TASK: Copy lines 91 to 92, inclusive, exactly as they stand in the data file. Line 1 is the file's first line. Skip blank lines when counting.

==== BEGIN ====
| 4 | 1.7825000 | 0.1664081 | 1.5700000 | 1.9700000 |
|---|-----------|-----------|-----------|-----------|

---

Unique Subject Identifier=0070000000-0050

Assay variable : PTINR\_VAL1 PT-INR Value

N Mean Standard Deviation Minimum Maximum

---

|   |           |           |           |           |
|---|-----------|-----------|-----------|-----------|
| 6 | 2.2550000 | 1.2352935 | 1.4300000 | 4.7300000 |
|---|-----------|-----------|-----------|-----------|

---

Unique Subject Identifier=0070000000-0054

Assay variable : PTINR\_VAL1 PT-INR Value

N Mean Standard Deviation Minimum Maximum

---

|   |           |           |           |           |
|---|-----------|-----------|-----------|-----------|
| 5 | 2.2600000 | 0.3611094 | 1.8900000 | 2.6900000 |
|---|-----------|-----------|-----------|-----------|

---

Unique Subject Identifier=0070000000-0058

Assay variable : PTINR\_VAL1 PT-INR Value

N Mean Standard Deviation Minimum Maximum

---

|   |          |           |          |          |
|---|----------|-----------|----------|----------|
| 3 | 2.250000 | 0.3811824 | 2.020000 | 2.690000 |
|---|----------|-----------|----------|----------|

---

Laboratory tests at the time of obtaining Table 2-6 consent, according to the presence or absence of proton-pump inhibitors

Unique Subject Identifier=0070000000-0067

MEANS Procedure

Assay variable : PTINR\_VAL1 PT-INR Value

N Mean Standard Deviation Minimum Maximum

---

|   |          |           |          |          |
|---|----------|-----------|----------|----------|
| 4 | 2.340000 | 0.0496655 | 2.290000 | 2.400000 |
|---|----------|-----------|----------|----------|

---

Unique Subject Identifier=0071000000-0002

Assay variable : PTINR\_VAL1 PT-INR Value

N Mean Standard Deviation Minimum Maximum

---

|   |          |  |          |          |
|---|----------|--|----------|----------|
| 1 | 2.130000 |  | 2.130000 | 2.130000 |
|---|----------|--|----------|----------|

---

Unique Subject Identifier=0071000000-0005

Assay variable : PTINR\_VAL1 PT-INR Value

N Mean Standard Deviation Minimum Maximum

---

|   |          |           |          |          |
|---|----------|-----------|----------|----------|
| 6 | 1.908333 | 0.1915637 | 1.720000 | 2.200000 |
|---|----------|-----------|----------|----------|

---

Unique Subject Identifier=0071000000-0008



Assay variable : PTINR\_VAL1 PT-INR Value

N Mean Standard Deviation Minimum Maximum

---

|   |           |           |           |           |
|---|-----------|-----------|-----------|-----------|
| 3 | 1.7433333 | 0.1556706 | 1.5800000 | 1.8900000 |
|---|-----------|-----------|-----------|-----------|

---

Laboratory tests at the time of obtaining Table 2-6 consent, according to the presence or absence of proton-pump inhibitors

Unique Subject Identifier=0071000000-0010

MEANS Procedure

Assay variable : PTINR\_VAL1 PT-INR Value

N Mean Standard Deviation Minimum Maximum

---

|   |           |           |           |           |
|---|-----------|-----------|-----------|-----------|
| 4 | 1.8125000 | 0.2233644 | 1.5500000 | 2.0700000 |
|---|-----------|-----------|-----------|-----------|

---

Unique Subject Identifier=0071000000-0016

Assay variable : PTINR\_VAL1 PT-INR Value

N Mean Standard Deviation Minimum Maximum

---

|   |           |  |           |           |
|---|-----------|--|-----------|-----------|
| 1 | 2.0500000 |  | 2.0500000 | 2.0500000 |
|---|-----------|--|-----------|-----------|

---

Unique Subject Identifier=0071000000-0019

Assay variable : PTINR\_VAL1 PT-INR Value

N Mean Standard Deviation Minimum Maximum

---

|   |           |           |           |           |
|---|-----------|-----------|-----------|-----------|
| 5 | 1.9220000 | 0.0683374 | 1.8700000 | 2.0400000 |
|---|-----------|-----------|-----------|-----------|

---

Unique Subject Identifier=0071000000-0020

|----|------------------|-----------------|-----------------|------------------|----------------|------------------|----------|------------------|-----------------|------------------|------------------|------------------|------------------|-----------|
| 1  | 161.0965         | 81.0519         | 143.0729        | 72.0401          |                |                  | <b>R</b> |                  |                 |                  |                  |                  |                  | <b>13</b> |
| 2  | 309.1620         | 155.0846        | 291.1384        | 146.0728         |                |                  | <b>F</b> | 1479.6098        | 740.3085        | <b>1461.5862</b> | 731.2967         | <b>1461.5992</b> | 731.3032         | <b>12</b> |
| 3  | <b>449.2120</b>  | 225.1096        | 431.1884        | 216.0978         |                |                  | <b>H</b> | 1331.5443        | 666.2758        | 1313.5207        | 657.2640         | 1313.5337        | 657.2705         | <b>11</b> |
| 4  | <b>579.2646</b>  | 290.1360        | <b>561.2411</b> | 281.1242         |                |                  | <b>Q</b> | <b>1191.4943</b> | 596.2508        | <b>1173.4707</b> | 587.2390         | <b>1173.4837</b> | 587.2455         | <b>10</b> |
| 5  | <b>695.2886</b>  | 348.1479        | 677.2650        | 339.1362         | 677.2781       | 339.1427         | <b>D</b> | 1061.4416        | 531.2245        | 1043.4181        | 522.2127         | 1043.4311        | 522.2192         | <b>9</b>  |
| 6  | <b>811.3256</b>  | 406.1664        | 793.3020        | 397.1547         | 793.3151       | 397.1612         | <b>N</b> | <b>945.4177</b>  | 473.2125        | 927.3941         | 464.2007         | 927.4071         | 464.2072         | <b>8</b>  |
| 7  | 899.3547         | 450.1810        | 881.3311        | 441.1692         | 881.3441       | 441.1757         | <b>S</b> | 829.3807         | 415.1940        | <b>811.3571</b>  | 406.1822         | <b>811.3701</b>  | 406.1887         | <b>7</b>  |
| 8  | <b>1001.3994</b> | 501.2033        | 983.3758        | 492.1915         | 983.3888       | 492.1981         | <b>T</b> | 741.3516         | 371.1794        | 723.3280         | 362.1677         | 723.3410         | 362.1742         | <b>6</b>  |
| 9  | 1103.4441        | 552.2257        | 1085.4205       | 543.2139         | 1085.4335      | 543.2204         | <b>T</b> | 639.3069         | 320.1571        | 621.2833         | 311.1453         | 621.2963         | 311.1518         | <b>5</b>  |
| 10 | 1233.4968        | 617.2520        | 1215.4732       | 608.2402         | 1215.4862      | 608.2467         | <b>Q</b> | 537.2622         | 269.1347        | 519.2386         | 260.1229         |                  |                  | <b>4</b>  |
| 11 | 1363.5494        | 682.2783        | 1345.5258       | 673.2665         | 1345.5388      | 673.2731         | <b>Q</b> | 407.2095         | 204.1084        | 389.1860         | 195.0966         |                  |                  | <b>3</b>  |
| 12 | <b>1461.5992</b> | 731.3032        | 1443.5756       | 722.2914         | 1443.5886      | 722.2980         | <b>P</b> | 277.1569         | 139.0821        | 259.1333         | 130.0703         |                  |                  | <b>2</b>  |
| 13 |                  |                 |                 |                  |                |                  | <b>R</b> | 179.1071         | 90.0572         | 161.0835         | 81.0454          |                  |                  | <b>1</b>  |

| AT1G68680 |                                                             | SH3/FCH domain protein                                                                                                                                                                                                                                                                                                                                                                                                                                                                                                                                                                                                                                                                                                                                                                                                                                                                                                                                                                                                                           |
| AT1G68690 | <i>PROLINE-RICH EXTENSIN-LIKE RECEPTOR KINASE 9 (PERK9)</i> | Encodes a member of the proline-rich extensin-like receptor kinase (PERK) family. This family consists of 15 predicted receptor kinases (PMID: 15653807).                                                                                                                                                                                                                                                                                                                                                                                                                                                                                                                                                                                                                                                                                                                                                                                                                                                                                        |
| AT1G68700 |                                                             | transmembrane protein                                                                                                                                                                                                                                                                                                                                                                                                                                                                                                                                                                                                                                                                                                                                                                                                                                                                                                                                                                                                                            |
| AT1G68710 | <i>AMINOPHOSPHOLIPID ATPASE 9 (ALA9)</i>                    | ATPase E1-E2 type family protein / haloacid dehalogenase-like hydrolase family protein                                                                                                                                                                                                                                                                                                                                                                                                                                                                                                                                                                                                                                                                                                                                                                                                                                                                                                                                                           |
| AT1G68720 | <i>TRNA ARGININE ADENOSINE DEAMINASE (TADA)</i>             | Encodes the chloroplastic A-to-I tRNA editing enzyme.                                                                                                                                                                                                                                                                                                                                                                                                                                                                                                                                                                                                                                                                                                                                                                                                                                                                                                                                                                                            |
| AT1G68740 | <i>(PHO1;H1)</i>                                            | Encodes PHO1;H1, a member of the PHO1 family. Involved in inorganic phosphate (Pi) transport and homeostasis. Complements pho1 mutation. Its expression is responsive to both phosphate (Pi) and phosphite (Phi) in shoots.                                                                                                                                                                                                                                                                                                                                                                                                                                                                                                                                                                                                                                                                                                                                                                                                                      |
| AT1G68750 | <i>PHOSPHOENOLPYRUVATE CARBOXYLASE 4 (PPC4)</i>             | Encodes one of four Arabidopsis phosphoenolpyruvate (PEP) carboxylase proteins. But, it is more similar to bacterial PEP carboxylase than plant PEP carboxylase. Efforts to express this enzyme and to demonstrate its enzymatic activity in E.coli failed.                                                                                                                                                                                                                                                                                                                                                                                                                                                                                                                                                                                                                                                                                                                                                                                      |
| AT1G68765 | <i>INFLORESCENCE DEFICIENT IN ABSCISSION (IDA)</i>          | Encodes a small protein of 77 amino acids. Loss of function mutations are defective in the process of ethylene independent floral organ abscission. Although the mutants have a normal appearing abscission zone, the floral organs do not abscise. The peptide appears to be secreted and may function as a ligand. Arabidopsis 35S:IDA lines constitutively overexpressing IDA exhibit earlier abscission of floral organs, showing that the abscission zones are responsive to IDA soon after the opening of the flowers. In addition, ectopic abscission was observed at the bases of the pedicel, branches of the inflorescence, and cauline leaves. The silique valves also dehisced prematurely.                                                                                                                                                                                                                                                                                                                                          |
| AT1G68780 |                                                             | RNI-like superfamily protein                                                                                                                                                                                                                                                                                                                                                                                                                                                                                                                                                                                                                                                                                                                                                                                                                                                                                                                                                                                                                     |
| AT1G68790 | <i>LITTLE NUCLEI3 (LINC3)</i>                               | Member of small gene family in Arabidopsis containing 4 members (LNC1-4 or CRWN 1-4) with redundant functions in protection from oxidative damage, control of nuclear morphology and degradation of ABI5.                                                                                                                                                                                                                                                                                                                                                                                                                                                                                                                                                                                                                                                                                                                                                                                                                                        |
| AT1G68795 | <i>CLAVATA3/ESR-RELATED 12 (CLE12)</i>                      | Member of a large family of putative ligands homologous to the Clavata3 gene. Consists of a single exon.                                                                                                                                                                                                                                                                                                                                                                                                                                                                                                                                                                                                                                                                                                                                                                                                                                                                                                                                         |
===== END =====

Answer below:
N Mean Standard Deviation Minimum Maximum

---